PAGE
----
Statesmen understand human nature. Why not psychologists and social scientists?
Most psychologists don’t like human nature, or at least not the idea of it. Clinicians, life coaches, and corporate motivators dislike it because it implies unchangeability. Anyone who took college psychology knows how to modify behavior, from direct instruction to manipulative advertising.
And then, what fool surveying the huge variety of human personalities, needs, and tastes would dream of trying to characterize all that as one thing? Well, some fool might, but not the philosophers, evolutionists, historians and political leaders who have long used the phrase. They’ve always meant something complex, varied, and big-but not limitless.
Barack Obama, for instance. Read more
Is Barack Obama an evolutionary psychologist?
Since I criticized President Obama’s speech last year in Cairo (and even “rewrote” it) and later pointed out the names and deeds of those who did not get the Nobel Peace Prize because he did, I think it’s only fair that I resume this blog after a long hiatus by writing about his Nobel Prize acceptance speech in December.
I have to say that it stunned me. Read more
Prof. Mari Fitzduff, who I’m honored to call a friend, set me thinking the other day when she commented on a proposed speech I wrote for President Obama to substitute for the one he gave in Cairo. But before I share our exchange, you need to know that Mari is the director of the Conflict and Coexistence Program at Brandeis University, where she moved after many years as director of INCORE, the International Conflict Research Institute in (as she always says it to avoid taking sides) “Derry/Londonderry,” Northern Ireland. In that role she played an important part in the years and years of mediation that finally brought a blessed end to that terrible conflict. Read more
Our innate fear and contempt of strangers often turns ugly. Now it’s China’s turn.
A charismatic president who blends two major races has had a healing effect on the wounds of a secular racial conflict in the United States. At the moment he is in Ghana visiting and speaking—eloquently as always— Read more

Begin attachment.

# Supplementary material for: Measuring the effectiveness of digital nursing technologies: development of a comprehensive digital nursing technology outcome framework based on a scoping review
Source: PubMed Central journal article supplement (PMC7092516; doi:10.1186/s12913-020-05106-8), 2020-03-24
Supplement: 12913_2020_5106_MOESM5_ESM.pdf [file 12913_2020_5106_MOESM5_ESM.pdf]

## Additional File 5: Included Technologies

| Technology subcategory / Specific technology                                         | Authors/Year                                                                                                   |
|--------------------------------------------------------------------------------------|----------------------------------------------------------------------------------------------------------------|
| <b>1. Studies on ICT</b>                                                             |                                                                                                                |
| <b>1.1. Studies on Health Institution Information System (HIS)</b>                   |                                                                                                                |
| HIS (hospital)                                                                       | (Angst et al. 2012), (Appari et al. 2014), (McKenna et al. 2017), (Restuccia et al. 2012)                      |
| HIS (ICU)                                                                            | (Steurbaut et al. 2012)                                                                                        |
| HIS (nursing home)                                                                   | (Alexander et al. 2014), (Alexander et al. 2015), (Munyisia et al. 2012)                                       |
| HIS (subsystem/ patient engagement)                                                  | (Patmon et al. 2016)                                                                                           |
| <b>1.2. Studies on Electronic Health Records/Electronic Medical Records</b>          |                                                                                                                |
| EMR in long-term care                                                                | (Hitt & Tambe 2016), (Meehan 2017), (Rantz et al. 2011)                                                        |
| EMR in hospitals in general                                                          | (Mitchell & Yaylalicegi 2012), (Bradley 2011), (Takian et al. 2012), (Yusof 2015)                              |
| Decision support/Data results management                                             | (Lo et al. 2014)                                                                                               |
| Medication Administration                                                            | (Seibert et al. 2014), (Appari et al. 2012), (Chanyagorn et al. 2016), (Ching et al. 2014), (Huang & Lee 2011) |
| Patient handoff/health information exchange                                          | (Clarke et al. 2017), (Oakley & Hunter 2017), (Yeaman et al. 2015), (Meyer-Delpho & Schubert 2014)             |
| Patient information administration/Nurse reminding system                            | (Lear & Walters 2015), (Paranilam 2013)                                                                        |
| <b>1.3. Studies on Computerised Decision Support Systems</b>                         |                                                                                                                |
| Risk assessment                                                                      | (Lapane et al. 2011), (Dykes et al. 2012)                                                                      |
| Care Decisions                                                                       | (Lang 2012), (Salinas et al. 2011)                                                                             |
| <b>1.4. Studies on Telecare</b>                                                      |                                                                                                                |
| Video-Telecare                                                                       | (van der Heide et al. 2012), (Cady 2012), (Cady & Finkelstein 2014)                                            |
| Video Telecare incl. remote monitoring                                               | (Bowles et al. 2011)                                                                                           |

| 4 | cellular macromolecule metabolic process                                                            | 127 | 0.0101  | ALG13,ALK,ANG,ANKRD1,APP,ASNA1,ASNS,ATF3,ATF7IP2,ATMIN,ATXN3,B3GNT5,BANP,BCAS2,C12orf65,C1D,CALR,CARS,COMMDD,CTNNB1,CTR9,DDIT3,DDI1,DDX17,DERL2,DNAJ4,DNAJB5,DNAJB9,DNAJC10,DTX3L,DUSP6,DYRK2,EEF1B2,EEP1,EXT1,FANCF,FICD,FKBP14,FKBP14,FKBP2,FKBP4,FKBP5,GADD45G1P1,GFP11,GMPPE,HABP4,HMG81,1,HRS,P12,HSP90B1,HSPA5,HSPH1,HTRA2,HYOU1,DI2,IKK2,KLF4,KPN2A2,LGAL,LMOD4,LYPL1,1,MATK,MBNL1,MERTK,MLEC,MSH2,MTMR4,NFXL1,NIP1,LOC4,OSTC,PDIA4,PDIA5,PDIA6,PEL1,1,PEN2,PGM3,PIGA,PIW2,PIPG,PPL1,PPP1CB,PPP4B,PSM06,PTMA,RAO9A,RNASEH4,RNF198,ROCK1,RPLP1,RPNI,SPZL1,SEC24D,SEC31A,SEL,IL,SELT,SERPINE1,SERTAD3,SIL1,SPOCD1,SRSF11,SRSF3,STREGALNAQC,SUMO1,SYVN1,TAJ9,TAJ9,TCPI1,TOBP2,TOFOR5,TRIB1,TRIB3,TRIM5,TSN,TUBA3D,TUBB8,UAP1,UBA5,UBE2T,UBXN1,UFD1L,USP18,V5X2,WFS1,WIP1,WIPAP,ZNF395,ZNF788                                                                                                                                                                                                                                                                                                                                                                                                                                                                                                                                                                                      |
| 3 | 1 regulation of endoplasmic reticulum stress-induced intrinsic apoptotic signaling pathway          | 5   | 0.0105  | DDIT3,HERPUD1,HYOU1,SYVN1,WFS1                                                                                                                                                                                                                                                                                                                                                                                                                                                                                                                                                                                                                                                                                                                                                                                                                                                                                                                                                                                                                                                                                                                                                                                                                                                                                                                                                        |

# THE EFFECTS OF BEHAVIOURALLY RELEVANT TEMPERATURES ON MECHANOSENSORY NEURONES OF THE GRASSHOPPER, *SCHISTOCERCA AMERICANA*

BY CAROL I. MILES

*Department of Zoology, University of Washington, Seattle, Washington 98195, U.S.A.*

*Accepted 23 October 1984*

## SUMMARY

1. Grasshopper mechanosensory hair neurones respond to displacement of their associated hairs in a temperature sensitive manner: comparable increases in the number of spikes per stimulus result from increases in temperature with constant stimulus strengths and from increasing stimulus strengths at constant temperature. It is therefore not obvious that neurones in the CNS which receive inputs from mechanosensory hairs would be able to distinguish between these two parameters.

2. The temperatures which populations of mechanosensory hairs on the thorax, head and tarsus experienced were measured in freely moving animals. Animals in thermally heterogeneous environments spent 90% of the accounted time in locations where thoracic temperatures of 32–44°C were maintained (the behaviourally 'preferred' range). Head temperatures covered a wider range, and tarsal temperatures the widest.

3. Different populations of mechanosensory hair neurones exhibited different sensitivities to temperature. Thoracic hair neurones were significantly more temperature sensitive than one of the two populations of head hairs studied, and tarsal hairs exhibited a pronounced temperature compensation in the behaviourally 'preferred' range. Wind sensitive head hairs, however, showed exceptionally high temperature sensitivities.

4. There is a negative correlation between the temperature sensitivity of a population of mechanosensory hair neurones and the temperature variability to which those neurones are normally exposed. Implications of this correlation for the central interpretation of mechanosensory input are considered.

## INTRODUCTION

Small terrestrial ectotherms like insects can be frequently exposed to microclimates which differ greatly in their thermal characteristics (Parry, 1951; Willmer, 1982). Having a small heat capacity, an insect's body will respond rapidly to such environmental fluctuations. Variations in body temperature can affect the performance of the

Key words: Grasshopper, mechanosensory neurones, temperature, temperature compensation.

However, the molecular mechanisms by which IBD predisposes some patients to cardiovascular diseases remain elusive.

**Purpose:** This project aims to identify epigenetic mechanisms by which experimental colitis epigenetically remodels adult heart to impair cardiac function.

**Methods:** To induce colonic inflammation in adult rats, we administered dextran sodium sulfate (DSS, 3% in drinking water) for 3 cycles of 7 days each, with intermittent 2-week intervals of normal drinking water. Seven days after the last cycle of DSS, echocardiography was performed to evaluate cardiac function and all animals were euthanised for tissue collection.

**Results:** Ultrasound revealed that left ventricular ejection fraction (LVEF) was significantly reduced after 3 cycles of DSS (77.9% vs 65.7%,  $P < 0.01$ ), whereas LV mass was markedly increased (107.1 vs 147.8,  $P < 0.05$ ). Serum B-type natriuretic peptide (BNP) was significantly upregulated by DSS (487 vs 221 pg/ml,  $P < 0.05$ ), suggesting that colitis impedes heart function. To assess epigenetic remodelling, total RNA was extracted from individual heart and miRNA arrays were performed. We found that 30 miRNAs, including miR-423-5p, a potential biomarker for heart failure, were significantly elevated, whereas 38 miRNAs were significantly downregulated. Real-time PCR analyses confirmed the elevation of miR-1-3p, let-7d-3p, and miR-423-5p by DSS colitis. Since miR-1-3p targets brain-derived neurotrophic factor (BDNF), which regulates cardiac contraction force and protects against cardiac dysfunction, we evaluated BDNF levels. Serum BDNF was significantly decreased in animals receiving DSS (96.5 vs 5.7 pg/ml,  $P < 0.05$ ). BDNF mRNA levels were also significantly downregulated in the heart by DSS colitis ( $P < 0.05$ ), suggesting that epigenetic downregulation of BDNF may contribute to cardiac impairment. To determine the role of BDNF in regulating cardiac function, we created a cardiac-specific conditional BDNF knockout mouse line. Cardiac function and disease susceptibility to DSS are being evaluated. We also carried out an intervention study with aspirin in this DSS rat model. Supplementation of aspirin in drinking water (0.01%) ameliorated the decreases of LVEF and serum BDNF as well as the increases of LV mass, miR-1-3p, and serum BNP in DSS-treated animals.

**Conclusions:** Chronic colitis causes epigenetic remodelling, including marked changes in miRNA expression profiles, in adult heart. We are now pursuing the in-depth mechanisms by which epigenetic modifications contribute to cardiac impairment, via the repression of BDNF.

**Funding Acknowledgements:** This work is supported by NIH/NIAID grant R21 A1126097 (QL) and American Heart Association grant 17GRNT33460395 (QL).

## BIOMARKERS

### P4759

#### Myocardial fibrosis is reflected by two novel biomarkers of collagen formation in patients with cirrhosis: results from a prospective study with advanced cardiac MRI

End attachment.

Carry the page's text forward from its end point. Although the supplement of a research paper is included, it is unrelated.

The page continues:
At the end of their second century, two strange, brilliant men shape our lives
February 12, 1809 was a great day in the history of the human species, since two of its best specimens took their first breaths that day on two sides of the Atlantic. Both those infants grew into odd boys.
Why we need a science of war and terror
Today I will try to address some of the comments about biology and violence that were provoked by my recent postings, and perhaps clarify how I think about these things. It is right to ask whether we gain anything from saying that humans are innately violent,
A wise man with a provocative theory of violence may help us understand and save ourselves.
I just returned from a meeting in Paris (alright, a meeting followed by a marvelous three-day vacation) at which, along with some very pleasant wining and dining, I spent several days talking about imitation and violence. What do these two seemingly separate things have in common? According to René Girard, everything.
War is always a shock to the heart, but it should not be a shock to the mind.
In the past few days, war has broken out between Russia and the former Soviet Republic of Georgia, a shocking yet somehow predictable outcome. Right after the collapse of the USSR,
Obama and McCain have different ideas about war. Neither may be able to prevent it.
Is war a permanent part of the human condition?
I’ve been interested in this question since high school, when an inspiring teacher named Dora Venit spent two years confronting me with the grotesque facts of history. It was not very long after the Holocaust, and the height of the Cold War.